The Art Of Grant Park

7 February 2019

Grant Park is a beautiful expanse of green located between the city and Lake Michigan, located directly across from the luxury condominium residences at 1000M. The space, bordered to the north by Randolph Street and to the south by Roosevelt Road is considered “Chicago’s front yard.” It is home to many of the city’s most notable attractions, such as the Art Institute, Buckingham Fountain and Millennium Park.  If you’re a Chicagoan you’re probably aware that the Park is also home to many public sculptures, but you may walk past them without giving them a second thought. Continue reading to learn more about some of Grant Park’s most iconic works of public art.

 

If you’re a Chicagoan you’re probably aware that the Park is also home to many public sculptures, but you may walk past them without giving them a second thought. Continue reading to learn more about some of Grant Park’s most iconic works of public art.

Agora

Agora is the name of the iconic cast iron army of sculptures that borders the southern end of Grant Park. Composed of 106 9-foot headless and armless figures, it was designed by Polish artist Magdalena Abakanowicz and placed in the park in 2006. The piece draws inspiration from Abakanowicz’s fear of crowds and is thought to mimic the bustling pace of crowds on Michigan Avenue.

 

If you’re a Chicagoan you’re probably aware that the Park is also home to many public sculptures, but you may walk past them without giving them a second thought. Continue reading to learn more about some of Grant Park’s most iconic works of public art.

The Bowman and The Spearman

Both created by Croatian sculptor Ivan Mestrovic in 1928, The Bowman and The Spearman are bronze equestrian statues, positioned as if gatekeepers to Grant Park. Interestingly, the sculptures do not feature their namesake weapons, a stylistic choice of Mestrovic. He preferred for the weapons to be left to the imagination, focusing the viewer’s’ attention on the silhouettes of the rider and the horse. The idea to place large sculptures at the park entrance came from famed urban planner David Burnham in his 1909 Plan of Chicago, a strong influence on how the overall lakefront looks today.

 

If you’re a Chicagoan you’re probably aware that the Park is also home to many public sculptures, but you may walk past them without giving them a second thought. Continue reading to learn more about some of Grant Park’s most iconic works of public art.

Fountain of the Great Lakes

Located in the South Garden of the Art Institute, this bronze fountain depicts five women bathing with oversized sea shells, meant to represent the five Great Lakes. The piece was created by Lorado Taft in 1913 and is one of his best-known works. The women are arranged so that water flows through them in the same order that water flows through the Great Lakes.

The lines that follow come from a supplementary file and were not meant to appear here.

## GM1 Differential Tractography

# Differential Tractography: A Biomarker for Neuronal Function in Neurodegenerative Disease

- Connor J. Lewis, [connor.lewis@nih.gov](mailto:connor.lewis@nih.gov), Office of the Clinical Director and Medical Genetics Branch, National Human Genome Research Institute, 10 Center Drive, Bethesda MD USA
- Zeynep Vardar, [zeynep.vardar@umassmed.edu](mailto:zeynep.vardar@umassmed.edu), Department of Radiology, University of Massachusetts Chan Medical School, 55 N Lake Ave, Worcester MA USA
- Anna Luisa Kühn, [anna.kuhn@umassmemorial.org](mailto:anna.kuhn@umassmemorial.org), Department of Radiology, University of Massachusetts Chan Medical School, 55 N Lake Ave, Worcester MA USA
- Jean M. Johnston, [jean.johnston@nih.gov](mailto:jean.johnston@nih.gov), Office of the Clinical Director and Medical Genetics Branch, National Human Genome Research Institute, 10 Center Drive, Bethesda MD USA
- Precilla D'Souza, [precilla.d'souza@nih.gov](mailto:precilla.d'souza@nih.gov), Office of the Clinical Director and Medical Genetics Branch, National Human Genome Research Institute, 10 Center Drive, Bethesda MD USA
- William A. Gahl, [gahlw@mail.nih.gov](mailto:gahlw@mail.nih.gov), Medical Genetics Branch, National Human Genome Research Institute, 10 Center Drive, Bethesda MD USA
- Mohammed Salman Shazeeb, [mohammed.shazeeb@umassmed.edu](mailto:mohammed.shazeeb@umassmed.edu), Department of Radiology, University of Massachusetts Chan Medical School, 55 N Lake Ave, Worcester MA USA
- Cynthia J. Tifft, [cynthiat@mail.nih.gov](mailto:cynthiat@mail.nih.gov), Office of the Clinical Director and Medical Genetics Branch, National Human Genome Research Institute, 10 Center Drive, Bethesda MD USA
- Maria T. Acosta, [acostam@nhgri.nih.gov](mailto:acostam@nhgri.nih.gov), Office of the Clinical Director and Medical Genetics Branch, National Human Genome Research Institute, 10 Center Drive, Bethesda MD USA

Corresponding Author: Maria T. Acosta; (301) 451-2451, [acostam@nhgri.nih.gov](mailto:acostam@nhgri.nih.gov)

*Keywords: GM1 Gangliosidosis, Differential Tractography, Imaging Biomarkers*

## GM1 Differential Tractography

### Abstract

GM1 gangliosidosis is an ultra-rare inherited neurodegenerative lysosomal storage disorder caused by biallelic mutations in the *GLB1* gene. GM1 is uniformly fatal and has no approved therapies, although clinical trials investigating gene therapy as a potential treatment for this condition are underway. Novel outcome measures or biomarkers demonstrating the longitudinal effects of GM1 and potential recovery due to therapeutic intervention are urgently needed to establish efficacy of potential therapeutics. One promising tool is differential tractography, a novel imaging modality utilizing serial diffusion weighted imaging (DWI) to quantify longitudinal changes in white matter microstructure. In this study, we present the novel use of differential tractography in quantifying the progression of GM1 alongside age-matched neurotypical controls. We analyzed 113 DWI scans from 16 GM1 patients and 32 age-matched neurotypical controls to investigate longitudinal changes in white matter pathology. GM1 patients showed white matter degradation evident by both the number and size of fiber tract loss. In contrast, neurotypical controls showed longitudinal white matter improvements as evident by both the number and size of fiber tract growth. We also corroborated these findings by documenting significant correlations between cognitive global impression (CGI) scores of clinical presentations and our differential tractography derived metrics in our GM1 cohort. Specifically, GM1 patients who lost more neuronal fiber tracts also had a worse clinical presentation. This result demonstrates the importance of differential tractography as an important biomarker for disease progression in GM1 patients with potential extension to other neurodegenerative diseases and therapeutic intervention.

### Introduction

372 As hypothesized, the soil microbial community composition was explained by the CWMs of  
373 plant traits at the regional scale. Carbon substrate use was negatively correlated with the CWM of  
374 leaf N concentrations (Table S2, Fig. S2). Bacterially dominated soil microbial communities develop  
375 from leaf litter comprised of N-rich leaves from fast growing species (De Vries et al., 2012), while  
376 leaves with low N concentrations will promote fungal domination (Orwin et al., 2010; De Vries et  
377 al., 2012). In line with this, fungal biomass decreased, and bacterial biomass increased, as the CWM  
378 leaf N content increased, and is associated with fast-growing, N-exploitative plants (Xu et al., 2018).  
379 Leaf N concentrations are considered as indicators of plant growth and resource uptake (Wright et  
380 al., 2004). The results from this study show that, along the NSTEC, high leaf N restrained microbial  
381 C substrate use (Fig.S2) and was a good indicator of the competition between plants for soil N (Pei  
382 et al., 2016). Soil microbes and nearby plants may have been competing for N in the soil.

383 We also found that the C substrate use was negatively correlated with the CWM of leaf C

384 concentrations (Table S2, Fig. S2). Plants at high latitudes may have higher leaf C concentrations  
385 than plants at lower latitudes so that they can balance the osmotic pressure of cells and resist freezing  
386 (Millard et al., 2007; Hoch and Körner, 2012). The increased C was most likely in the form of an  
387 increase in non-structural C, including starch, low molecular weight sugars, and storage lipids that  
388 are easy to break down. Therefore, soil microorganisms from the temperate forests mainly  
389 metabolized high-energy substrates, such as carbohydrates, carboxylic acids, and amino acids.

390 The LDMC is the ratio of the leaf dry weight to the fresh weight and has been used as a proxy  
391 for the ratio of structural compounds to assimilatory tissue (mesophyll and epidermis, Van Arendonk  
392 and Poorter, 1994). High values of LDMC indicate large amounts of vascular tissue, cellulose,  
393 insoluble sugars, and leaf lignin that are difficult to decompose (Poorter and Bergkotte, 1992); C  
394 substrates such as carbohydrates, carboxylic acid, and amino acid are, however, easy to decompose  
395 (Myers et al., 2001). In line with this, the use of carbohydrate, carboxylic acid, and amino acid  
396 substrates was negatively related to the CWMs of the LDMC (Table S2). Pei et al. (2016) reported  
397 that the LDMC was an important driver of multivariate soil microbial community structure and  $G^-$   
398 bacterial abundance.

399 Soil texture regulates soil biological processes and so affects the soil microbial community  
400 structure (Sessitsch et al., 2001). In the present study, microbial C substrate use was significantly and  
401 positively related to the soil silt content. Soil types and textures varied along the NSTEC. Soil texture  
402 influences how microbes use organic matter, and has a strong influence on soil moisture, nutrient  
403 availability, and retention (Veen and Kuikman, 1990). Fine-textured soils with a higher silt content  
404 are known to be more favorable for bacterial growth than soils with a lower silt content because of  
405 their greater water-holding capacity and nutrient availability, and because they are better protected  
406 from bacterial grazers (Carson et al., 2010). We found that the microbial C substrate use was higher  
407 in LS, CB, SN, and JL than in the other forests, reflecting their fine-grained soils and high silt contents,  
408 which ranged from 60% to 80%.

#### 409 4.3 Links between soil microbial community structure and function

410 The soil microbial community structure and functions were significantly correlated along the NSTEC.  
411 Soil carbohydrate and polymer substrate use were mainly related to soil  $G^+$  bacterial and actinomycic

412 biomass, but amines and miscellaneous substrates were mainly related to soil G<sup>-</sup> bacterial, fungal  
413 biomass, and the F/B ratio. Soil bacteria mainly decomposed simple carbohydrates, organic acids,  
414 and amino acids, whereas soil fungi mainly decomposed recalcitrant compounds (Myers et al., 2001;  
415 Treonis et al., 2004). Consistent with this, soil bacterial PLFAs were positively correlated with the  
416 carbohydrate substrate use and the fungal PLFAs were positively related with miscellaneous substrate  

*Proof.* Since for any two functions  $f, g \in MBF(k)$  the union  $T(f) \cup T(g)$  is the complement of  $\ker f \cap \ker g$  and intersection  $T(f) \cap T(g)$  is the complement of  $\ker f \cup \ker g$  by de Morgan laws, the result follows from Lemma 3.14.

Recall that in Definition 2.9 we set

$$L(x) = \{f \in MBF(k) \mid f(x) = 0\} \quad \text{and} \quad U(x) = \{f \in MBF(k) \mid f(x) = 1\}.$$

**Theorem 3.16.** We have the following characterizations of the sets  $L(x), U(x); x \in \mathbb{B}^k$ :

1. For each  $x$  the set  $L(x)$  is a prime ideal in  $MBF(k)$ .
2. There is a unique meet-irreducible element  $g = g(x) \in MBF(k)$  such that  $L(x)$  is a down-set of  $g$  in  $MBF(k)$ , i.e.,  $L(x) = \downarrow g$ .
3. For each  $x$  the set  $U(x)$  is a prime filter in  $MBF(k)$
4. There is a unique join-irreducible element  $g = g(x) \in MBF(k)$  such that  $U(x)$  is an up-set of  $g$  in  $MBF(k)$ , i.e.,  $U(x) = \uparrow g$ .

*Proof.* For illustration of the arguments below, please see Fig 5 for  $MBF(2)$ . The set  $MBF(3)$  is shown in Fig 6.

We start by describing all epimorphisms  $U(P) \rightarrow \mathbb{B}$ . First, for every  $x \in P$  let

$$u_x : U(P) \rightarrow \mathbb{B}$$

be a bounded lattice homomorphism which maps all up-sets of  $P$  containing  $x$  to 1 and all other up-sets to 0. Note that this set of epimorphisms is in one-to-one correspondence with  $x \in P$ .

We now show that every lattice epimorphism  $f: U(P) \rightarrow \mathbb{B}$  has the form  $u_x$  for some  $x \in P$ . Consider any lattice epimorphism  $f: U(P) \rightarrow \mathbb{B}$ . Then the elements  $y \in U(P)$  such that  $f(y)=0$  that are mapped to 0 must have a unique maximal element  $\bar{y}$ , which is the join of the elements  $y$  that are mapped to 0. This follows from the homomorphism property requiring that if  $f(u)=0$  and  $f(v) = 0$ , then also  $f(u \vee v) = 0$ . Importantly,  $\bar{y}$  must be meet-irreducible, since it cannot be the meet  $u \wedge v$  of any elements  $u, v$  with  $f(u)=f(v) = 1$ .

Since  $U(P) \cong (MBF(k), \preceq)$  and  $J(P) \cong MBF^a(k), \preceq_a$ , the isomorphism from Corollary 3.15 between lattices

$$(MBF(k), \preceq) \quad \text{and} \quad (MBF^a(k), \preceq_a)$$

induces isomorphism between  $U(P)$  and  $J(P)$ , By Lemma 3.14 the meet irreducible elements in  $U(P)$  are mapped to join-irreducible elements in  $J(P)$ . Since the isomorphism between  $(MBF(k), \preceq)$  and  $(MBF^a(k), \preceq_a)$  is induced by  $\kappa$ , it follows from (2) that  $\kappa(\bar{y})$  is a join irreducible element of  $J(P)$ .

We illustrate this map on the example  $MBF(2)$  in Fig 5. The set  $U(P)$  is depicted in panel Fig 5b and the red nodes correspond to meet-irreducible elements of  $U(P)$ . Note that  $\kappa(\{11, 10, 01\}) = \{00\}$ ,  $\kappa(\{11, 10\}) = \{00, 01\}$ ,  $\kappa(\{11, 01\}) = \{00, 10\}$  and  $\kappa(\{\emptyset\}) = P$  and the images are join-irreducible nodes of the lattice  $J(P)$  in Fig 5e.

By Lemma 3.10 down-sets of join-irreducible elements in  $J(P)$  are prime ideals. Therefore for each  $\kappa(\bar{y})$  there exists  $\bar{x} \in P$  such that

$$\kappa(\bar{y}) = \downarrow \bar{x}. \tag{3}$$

If you’re a Chicagoan you’re probably aware that the Park is also home to many public sculptures, but you may walk past them without giving them a second thought. Continue reading to learn more about some of Grant Park’s most iconic works of public art.

General John Logan Memorial

General John Alexander Logan was an heroic Illinois-based Civil War general, also serving as an Illinois senator from 1871 to 1877. The statue was created by sculptors Augustus Saint-Gaudens and Alexander Phimister Proctor, and completed in 1897. The bronze figure is highly recognizable due to its placement at the top of a large staircase built into a hill, which houses the tomb for this war hero and esteemed politician.

 

If you’re a Chicagoan you’re probably aware that the Park is also home to many public sculptures, but you may walk past them without giving them a second thought. Continue reading to learn more about some of Grant Park’s most iconic works of public art.

Spirit of Music

This bronze sculpture was designed by Albin Polasek in 1923, and honors Theodore Thomas, the first conductor of the Chicago Symphonic Orchestra. Spirit of Music has been relocated many times, but it currently resides at the corner of Michigan Avenue and Balbo Drive.

 

If you’re a Chicagoan you’re probably aware that the Park is also home to many public sculptures, but you may walk past them without giving them a second thought. Continue reading to learn more about some of Grant Park’s most iconic works of public art.

Magdalene

The sculpture Magdalene,  located at the intersection of Congress Parkway and Michigan Avenue, was created by Dessa Kirk and installed in 2005. It is inspired by the artists’ previous series of Daphne sculptures, which were originally located around Grant Park but moved to Northerly Island. Daphne is a figure from Greek mythology whose father turned her into a tree to protect her from the advances of the god Apollo. In the springtime, tulips line the female figure’s feet, and in the summertime the sculpture becomes part of the surrounding garden, as vines and flowers fill up the skirt of her dress.

 

Residents of 1000M will be literally surrounded by the beauty of Grant Park’s public art, but we encourage all to Seek Beauty and explore the Park’s captivating works. The list of public art in Chicago goes on and on! Visit chicagoparkdistrict.com for a complete listing.